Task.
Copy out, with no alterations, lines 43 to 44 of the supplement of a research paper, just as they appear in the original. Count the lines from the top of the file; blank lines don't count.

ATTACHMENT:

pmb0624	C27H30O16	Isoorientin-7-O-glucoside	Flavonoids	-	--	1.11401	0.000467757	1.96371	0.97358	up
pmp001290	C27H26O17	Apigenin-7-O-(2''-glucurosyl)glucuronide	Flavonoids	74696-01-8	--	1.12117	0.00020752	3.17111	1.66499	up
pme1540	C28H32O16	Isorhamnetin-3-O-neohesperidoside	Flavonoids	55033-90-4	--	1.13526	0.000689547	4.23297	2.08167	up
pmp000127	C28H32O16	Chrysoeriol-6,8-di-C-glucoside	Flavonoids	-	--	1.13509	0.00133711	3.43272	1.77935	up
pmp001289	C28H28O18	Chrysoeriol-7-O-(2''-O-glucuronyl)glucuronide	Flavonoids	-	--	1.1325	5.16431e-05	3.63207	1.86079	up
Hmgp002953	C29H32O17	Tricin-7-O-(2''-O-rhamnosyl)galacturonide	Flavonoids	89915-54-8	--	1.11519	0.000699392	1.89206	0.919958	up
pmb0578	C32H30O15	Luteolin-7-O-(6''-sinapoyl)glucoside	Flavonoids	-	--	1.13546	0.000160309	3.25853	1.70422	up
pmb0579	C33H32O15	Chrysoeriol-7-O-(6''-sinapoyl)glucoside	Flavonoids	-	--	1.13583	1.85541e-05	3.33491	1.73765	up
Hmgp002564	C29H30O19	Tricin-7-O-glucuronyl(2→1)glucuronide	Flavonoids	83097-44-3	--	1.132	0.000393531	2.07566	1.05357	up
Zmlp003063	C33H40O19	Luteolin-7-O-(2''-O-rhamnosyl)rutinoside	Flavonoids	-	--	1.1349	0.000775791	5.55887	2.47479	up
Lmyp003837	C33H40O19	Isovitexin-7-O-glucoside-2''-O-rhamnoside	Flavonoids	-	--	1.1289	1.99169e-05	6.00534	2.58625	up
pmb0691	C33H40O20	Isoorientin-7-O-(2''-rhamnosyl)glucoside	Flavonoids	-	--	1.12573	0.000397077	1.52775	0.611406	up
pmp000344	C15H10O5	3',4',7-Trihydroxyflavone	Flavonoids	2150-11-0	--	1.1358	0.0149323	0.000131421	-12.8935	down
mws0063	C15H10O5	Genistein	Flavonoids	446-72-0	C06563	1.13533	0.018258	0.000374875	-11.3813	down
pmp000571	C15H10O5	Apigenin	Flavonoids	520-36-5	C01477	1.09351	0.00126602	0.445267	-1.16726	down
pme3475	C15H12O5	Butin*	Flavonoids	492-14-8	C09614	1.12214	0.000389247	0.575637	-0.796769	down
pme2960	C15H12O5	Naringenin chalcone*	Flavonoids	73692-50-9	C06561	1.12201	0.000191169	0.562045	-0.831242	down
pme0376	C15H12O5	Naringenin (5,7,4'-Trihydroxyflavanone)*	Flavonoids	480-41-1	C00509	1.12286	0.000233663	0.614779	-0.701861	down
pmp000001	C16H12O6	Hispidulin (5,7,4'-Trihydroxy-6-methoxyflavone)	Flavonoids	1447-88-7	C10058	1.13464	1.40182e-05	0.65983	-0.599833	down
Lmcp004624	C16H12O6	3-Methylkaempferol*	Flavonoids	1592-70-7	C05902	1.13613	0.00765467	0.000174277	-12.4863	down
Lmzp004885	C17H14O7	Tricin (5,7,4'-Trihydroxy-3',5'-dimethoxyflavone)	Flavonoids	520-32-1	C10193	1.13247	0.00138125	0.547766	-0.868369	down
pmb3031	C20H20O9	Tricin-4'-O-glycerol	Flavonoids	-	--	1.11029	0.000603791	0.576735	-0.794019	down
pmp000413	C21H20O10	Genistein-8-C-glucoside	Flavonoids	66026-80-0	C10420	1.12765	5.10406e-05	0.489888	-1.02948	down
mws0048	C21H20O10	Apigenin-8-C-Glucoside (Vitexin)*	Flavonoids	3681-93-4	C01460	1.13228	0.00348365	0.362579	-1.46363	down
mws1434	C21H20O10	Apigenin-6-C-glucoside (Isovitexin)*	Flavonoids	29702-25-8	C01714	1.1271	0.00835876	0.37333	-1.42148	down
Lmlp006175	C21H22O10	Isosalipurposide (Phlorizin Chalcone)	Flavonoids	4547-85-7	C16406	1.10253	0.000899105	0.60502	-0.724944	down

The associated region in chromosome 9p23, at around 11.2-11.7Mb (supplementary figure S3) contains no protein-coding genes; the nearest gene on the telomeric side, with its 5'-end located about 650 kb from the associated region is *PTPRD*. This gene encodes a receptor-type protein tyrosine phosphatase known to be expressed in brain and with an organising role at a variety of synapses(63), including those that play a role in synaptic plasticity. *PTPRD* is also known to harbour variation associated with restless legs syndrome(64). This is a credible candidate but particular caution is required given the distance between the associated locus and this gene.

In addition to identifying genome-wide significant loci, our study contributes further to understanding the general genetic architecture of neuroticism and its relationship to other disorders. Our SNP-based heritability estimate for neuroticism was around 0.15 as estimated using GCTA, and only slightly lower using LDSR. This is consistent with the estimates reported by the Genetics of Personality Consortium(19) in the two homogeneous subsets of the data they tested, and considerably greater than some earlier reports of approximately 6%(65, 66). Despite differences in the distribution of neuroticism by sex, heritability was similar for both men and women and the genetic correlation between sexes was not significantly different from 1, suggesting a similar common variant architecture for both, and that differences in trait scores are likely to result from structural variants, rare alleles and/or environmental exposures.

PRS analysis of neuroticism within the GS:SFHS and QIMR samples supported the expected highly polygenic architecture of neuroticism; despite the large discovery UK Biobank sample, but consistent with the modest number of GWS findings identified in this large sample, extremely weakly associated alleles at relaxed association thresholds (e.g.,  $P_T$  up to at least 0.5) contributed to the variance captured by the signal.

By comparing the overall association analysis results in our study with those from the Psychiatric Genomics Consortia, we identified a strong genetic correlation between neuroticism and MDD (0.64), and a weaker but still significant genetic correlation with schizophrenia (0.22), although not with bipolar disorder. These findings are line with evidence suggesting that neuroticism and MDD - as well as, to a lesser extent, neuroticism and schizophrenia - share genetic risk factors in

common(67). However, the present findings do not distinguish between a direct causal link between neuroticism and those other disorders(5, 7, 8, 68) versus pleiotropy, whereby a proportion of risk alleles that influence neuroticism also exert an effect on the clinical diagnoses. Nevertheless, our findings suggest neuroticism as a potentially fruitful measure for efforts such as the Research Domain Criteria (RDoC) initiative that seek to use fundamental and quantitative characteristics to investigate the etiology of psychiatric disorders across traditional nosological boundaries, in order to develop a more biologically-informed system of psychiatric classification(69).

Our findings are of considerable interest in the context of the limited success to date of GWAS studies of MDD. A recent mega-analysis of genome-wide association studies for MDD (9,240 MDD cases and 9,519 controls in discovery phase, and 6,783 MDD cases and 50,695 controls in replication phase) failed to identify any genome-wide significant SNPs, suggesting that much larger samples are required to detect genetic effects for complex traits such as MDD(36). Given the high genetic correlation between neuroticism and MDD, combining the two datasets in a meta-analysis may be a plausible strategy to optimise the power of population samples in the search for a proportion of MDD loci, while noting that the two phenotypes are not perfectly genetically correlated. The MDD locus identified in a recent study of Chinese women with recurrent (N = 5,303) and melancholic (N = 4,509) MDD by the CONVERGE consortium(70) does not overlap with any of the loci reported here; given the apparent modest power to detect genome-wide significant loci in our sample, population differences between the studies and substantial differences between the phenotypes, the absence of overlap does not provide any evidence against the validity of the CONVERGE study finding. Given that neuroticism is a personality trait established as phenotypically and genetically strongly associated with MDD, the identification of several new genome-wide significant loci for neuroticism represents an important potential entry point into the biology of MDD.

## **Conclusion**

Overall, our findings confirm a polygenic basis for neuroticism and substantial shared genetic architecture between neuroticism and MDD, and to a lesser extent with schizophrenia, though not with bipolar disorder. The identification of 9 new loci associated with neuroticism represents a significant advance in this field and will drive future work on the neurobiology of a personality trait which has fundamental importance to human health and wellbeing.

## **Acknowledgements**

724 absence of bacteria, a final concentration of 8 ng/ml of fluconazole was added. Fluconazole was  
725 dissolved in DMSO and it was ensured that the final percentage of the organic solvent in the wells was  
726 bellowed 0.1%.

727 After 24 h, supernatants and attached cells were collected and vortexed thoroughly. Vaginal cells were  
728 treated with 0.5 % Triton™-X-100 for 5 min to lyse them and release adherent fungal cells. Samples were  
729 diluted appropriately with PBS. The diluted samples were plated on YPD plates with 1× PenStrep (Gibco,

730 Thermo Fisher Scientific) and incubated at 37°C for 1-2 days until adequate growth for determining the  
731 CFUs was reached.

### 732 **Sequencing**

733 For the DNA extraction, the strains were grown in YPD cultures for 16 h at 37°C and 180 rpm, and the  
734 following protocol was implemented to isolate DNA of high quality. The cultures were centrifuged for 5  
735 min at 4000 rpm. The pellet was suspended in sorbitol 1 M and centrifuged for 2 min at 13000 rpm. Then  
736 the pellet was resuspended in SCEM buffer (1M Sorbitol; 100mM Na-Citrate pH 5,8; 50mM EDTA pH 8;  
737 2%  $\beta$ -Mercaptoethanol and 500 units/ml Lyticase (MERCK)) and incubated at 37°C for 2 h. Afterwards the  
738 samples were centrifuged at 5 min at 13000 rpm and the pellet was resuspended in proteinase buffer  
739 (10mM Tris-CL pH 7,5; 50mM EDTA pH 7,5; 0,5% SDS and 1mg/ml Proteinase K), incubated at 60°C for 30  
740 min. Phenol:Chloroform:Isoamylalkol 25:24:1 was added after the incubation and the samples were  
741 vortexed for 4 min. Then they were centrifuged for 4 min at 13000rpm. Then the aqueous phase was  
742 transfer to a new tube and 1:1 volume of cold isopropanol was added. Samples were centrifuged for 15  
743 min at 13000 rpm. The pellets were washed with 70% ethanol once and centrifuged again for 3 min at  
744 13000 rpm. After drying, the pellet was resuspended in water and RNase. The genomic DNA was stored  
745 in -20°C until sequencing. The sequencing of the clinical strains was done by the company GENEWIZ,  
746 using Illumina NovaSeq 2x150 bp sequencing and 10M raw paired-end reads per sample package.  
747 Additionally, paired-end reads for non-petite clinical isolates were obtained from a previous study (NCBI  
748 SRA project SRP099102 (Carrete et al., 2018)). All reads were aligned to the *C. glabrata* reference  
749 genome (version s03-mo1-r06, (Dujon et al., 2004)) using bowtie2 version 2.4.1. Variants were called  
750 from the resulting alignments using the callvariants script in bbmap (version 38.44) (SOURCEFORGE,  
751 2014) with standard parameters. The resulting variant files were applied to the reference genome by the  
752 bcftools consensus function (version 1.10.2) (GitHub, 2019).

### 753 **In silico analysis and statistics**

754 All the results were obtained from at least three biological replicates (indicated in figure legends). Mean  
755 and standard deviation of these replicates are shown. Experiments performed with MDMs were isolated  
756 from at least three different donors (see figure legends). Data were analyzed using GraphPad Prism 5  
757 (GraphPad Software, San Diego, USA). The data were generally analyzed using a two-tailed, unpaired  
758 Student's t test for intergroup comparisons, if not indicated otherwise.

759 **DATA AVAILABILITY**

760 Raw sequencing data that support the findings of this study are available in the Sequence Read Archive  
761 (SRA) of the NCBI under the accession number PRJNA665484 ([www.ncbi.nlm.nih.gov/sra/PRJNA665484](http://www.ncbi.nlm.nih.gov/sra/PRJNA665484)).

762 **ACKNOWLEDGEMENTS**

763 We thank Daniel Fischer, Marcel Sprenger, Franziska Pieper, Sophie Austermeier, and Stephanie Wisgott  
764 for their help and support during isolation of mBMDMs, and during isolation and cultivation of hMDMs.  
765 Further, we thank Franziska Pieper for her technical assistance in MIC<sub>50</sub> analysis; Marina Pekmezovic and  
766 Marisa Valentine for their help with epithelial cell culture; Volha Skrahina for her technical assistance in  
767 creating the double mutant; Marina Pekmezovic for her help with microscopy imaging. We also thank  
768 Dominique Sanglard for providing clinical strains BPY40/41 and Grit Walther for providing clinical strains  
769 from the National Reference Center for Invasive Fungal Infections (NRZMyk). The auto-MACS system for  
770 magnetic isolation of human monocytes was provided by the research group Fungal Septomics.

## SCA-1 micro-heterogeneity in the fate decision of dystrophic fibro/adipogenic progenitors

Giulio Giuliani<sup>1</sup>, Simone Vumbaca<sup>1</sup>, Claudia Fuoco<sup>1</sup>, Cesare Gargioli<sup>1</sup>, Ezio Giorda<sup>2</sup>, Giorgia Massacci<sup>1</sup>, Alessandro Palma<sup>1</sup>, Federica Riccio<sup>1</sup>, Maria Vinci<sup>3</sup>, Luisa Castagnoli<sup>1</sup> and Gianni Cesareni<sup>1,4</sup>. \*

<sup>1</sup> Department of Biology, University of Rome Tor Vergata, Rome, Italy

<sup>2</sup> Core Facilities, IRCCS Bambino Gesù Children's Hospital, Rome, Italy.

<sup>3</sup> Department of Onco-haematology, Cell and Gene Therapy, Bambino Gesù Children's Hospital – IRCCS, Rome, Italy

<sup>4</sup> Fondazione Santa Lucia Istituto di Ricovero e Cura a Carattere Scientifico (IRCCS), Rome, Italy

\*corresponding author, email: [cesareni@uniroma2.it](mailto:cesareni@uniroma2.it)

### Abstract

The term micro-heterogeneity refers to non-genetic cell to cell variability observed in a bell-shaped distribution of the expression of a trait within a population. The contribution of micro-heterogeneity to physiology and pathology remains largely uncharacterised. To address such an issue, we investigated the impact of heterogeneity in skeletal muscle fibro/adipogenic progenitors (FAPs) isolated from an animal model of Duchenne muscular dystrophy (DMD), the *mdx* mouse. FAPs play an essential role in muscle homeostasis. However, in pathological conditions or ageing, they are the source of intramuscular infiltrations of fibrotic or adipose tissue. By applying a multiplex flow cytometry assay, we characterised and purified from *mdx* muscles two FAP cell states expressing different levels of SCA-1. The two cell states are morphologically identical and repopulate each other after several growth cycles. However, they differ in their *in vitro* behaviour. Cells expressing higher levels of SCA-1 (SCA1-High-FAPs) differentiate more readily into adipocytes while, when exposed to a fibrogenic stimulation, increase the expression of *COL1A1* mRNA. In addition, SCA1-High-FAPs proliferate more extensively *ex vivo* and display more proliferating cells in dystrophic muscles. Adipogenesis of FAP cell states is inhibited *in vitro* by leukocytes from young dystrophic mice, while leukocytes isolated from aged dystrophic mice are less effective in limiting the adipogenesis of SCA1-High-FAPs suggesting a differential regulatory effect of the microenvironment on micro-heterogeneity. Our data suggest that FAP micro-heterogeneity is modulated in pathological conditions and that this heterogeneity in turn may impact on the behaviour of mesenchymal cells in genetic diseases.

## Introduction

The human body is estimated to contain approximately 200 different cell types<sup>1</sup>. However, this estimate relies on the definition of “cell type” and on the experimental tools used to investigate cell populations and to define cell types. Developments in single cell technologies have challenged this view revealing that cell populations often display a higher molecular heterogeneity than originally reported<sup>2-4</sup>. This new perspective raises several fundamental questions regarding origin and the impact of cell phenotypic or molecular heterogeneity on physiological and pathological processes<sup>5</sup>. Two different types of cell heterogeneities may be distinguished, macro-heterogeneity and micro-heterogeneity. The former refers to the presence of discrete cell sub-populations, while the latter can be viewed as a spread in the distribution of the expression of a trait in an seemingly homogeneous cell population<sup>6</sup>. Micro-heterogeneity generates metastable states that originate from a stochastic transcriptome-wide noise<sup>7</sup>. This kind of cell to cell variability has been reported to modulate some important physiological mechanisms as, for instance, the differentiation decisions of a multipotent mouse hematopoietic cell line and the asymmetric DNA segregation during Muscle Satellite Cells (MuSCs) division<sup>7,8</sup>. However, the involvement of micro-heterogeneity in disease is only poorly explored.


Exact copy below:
731 CFUs was reached.

### 732 **Sequencing**